Above the Law

If you’re a court virgin, don’t worry, we’ve all been there. Even after a few times, you may still feel a gripping anxiety when your case is called and it’s your turn to go up before the judge. I used to get so nervous that I’d skip breakfast, obsessively review my pleadings, and sit frozen in the courtroom until it was time. Today, I still skip breakfast since I have to wake up earlier regardless, but I’m calmer now about speaking in court and what I have to say. Depending on the court’s rules, I can even play around on my iPhone or relax with a book while waiting for my number on the docket.

Here are my culled tidbits of advice on judicial presentation, some obvious while others not as much.

1. Err on the side of business formal and wear a suit.

Dress the part of the professional, well-groomed attorney even if you’re only going to civil court. You may not be feeling confident on the inside, but you want to feign confidence on the outside. Your dress is integral to presentation and presentation is key to making a good impression.

I believe in always wearing a suit with a nice collared shirt underneath for appearing in court, with neutral make-up and simple jewelry for the ladies. You would be surprised at how many women, in particular, who I see in court, looking absolutely sloppy with dress that would barely pass business casual. Maybe I’m being overly cautious and it really doesn’t matter, but it takes an ounce of effort to don a suit and look your best. Also unless you’re a seasoned litigator, you might not be familiar with the judge who is deciding your motion and whether he or she tends to prefer conservative appearances in the courtroom.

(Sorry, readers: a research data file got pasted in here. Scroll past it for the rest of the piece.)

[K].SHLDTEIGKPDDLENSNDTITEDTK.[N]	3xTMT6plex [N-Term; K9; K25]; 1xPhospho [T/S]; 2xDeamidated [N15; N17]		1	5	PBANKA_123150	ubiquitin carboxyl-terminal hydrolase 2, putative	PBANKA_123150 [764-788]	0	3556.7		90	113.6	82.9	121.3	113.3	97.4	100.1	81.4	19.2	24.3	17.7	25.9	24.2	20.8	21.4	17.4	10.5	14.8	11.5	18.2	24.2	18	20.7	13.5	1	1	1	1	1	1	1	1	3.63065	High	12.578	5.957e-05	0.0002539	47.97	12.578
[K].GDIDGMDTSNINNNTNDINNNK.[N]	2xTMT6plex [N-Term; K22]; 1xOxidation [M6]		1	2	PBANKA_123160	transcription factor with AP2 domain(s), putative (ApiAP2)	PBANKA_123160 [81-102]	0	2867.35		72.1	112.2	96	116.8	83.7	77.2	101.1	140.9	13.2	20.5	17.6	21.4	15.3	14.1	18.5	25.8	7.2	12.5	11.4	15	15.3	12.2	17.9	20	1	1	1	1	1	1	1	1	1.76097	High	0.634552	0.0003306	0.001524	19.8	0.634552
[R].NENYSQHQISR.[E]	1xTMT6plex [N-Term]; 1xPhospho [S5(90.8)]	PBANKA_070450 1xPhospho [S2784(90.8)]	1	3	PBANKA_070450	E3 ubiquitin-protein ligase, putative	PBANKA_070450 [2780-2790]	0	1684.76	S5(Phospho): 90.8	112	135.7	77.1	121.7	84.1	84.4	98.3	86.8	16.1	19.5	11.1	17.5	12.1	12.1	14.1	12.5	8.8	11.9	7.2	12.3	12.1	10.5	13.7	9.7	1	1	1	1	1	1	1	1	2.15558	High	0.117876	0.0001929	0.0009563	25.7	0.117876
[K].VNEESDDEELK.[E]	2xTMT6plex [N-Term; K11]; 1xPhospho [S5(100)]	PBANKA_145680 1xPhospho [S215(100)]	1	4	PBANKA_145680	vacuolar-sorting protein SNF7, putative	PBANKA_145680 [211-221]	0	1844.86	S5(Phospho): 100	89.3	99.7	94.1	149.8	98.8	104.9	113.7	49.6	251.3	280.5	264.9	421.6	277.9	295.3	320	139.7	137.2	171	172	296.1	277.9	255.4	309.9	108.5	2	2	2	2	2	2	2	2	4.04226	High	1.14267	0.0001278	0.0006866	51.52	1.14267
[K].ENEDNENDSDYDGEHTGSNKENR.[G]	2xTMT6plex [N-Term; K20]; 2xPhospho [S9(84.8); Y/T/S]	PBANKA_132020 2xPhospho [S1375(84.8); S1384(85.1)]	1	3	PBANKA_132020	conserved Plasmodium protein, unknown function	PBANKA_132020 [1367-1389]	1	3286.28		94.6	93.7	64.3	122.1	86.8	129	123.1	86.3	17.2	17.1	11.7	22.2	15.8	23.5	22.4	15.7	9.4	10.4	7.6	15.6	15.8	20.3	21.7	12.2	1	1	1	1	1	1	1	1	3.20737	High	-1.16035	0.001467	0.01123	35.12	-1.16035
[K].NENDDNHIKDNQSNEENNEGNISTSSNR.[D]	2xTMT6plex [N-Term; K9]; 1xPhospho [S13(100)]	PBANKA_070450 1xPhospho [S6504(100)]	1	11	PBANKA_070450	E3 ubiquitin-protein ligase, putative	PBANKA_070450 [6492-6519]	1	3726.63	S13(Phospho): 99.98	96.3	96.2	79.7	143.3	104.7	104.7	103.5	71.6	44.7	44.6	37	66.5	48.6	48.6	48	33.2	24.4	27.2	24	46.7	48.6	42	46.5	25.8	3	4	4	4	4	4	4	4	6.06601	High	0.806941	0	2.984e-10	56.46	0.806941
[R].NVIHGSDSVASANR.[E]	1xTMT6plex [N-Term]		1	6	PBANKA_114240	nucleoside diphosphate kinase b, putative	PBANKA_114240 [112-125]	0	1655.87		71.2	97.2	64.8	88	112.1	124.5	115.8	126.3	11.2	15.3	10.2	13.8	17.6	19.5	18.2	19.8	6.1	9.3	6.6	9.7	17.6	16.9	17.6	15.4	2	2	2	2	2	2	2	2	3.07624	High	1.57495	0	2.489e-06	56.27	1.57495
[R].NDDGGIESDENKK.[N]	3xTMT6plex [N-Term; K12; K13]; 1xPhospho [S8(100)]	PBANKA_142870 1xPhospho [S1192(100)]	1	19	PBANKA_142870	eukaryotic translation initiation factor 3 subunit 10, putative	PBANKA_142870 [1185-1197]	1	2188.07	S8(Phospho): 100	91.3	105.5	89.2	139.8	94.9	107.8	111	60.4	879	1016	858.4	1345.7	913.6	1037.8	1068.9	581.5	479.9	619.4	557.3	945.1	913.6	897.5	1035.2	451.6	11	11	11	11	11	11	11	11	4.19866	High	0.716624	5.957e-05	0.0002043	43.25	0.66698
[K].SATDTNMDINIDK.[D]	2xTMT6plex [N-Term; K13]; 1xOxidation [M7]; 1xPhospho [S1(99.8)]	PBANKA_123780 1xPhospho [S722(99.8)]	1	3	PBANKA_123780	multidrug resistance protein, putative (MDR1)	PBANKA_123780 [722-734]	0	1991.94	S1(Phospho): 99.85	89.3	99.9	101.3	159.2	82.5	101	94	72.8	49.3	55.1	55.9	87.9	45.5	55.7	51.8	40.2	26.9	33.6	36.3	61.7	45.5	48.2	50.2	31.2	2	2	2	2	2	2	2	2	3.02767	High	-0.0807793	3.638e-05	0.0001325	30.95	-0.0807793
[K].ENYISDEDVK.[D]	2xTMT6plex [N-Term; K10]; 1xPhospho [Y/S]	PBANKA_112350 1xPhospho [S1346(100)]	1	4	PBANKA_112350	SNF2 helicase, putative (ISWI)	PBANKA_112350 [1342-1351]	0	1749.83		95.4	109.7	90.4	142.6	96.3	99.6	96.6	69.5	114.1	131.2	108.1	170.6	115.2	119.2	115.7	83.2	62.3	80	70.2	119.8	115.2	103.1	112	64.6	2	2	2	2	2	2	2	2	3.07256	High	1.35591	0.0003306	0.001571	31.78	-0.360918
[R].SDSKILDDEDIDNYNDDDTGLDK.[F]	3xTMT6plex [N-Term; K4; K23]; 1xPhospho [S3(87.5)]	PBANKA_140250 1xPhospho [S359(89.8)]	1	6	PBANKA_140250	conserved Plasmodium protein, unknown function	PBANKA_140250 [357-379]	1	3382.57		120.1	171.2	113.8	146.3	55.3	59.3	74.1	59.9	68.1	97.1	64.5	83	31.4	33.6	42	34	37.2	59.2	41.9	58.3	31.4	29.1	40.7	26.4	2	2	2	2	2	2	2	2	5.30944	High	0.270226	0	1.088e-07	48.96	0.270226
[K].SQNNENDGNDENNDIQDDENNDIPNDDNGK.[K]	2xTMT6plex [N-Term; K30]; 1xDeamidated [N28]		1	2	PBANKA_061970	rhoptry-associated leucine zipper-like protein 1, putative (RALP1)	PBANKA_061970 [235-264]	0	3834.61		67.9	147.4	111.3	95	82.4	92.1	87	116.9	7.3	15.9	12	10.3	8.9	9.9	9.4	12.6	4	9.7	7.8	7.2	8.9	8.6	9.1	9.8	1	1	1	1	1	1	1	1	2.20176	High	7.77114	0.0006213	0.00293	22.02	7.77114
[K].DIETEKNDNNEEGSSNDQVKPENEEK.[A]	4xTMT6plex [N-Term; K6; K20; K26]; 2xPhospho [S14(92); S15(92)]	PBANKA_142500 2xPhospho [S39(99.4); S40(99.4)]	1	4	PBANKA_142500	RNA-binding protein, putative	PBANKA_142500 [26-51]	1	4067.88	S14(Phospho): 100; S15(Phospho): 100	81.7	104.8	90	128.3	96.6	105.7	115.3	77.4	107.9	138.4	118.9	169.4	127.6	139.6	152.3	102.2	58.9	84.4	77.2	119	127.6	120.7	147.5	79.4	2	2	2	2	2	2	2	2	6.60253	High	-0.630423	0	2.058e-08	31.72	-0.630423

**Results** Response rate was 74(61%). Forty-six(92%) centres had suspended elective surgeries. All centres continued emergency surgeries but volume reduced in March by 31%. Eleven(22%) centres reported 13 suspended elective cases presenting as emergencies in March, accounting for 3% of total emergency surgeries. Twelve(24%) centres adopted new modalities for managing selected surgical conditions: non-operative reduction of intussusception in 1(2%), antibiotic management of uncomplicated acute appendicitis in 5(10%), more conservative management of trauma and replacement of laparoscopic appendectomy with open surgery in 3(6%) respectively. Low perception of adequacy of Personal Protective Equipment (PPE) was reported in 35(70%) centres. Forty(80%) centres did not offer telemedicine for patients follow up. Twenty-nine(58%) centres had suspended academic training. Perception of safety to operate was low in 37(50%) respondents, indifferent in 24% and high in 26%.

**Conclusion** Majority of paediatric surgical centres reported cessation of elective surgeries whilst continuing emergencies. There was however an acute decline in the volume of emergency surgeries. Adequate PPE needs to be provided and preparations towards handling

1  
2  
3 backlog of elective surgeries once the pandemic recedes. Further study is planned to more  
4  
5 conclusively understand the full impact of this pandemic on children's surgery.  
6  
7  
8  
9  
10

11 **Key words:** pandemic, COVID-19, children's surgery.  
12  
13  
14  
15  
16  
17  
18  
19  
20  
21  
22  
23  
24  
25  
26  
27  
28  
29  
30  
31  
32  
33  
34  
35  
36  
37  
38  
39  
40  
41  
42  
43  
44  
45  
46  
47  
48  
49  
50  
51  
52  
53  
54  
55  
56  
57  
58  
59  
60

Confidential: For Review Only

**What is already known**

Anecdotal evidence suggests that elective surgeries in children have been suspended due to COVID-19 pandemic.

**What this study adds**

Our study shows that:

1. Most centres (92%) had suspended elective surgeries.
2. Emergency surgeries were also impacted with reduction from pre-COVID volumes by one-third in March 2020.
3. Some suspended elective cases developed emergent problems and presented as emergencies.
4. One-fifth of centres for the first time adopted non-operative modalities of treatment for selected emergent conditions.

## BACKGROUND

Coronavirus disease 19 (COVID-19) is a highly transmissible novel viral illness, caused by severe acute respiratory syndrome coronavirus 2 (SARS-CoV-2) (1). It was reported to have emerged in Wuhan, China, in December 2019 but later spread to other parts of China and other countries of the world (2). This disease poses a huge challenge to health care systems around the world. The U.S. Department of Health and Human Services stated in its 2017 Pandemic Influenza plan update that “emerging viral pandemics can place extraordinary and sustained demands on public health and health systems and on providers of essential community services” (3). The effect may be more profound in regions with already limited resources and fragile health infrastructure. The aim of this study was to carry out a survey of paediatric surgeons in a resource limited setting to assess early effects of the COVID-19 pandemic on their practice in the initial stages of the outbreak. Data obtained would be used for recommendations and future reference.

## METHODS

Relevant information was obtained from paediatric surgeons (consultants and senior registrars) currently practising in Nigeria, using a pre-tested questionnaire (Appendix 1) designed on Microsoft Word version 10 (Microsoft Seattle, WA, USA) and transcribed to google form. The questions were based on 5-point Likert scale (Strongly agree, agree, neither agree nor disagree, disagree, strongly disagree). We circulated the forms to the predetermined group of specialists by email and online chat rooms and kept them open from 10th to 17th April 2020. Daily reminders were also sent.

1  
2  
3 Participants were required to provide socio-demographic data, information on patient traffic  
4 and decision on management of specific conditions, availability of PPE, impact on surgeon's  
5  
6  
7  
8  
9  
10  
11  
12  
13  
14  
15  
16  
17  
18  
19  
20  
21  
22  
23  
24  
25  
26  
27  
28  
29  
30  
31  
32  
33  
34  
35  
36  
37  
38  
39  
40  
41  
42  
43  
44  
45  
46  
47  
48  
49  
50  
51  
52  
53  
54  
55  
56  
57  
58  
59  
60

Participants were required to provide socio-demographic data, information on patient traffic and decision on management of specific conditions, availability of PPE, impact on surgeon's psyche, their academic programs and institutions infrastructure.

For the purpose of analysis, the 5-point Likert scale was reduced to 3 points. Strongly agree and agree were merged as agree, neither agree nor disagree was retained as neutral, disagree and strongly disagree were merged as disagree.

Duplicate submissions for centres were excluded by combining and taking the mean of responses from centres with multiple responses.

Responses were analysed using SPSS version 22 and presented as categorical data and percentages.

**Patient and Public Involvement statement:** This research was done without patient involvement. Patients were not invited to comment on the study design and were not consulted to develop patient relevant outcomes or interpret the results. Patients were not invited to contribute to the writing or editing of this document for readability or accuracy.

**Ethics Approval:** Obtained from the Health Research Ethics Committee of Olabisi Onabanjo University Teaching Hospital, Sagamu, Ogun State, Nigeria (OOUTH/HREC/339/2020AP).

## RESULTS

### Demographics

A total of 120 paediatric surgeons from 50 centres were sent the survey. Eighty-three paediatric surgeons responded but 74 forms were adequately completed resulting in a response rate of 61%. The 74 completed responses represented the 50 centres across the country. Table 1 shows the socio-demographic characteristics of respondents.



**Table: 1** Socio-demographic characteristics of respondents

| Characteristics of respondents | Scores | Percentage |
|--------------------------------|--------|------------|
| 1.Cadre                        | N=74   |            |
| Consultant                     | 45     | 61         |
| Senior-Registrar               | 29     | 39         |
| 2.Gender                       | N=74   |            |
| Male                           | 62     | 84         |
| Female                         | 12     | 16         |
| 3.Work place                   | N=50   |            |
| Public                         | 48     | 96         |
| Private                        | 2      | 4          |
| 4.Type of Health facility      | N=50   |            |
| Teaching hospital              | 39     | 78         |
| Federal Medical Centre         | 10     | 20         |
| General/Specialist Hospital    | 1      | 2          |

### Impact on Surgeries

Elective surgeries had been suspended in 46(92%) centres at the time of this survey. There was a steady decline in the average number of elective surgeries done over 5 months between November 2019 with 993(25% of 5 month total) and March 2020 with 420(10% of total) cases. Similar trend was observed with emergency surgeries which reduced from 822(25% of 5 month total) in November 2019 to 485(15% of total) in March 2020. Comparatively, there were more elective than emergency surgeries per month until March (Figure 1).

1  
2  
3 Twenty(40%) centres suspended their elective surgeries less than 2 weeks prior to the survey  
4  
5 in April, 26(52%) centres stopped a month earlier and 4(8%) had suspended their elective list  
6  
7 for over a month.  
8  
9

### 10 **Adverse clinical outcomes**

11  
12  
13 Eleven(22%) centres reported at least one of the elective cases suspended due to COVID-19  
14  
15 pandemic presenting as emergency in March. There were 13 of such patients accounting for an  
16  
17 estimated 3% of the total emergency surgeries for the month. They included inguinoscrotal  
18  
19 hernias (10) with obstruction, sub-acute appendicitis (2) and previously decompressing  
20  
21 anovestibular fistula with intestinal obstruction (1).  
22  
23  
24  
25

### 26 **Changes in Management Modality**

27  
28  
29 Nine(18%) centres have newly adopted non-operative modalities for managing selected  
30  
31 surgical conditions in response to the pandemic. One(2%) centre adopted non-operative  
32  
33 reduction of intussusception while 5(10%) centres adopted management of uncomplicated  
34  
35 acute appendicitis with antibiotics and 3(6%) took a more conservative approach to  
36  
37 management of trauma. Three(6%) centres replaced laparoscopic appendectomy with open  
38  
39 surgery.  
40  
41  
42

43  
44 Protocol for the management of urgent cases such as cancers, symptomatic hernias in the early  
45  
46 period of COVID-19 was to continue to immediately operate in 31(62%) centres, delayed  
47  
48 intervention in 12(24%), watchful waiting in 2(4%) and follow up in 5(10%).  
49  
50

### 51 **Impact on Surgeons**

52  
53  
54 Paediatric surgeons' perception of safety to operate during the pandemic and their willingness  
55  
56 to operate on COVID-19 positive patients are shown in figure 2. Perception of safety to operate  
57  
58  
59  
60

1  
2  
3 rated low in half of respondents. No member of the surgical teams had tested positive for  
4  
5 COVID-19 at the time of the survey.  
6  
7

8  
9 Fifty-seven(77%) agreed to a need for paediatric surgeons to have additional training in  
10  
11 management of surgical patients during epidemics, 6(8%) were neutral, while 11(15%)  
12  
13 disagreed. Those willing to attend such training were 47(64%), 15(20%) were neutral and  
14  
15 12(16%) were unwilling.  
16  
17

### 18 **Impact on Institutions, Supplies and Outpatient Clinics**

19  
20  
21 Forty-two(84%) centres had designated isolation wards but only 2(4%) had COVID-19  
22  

2. Research the judge’s court rules ahead of time.

Don’t assume that knowing the local rules for the state or federal district will be sufficient passage for smooth sailing. Most judges will have their own set of courtroom rules, which you can find online through the court websites. It will be very useful to know the judge’s specific procedures and individual motion practice. Especially if you need to file a document prior to the hearing date or format a document in a particular way to be accepted by the judge. Put a copy of the judge’s court rules in your file because you might need them while at court.

3. Prepare a cheat sheet with a timeline of the procedural background and the important facts or points of your case.

Rifling through a stack of voluminous pleadings to do last minute studying for your oral argument is time-consuming, inefficient, and cumbersome. Save yourself the trouble by prepping a cheat sheet that lays out the procedural background, including filing dates and service dates, for all the pleadings involved in your particular matter. Jot down important facts and points that are likely to be raised in the course of oral argument or discussion. You can simply refer to this one piece of paper when you want to give yourself a refresher. It’s even worse if you have to rifle through your file in front of the judge to answer a question. If it wasn’t already committed to memory, the answer should be on your legal cheat sheet for quick reference.